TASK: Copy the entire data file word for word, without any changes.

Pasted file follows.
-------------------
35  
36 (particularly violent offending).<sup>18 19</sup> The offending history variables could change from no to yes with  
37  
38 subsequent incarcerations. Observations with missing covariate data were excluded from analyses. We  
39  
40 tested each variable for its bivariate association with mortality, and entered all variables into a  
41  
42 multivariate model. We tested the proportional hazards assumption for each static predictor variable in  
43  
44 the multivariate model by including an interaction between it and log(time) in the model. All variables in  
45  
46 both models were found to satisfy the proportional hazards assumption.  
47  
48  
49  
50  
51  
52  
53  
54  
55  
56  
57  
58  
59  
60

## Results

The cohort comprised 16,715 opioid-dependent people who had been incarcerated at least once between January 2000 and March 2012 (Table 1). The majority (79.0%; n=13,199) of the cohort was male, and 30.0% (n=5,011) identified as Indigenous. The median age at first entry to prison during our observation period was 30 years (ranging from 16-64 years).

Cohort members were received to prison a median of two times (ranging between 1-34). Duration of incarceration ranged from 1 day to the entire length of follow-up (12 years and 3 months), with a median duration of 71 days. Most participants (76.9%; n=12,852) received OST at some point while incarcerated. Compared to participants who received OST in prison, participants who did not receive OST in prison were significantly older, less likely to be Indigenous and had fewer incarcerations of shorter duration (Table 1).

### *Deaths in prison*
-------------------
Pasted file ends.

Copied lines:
35  
36 (particularly violent offending).<sup>18 19</sup> The offending history variables could change from no to yes with  
37  
38 subsequent incarcerations. Observations with missing covariate data were excluded from analyses. We  
39  
40 tested each variable for its bivariate association with mortality, and entered all variables into a  
41  
42 multivariate model. We tested the proportional hazards assumption for each static predictor variable in  
43  
44 the multivariate model by including an interaction between it and log(time) in the model. All variables in  
45  
46 both models were found to satisfy the proportional hazards assumption.  
47  
48  
49  
50  
51  
52  
53  
54  
55  
56  
57  
58  
59  
60

## Results

The cohort comprised 16,715 opioid-dependent people who had been incarcerated at least once between January 2000 and March 2012 (Table 1). The majority (79.0%; n=13,199) of the cohort was male, and 30.0% (n=5,011) identified as Indigenous. The median age at first entry to prison during our observation period was 30 years (ranging from 16-64 years).

Cohort members were received to prison a median of two times (ranging between 1-34). Duration of incarceration ranged from 1 day to the entire length of follow-up (12 years and 3 months), with a median duration of 71 days. Most participants (76.9%; n=12,852) received OST at some point while incarcerated. Compared to participants who received OST in prison, participants who did not receive OST in prison were significantly older, less likely to be Indigenous and had fewer incarcerations of shorter duration (Table 1).

### *Deaths in prison*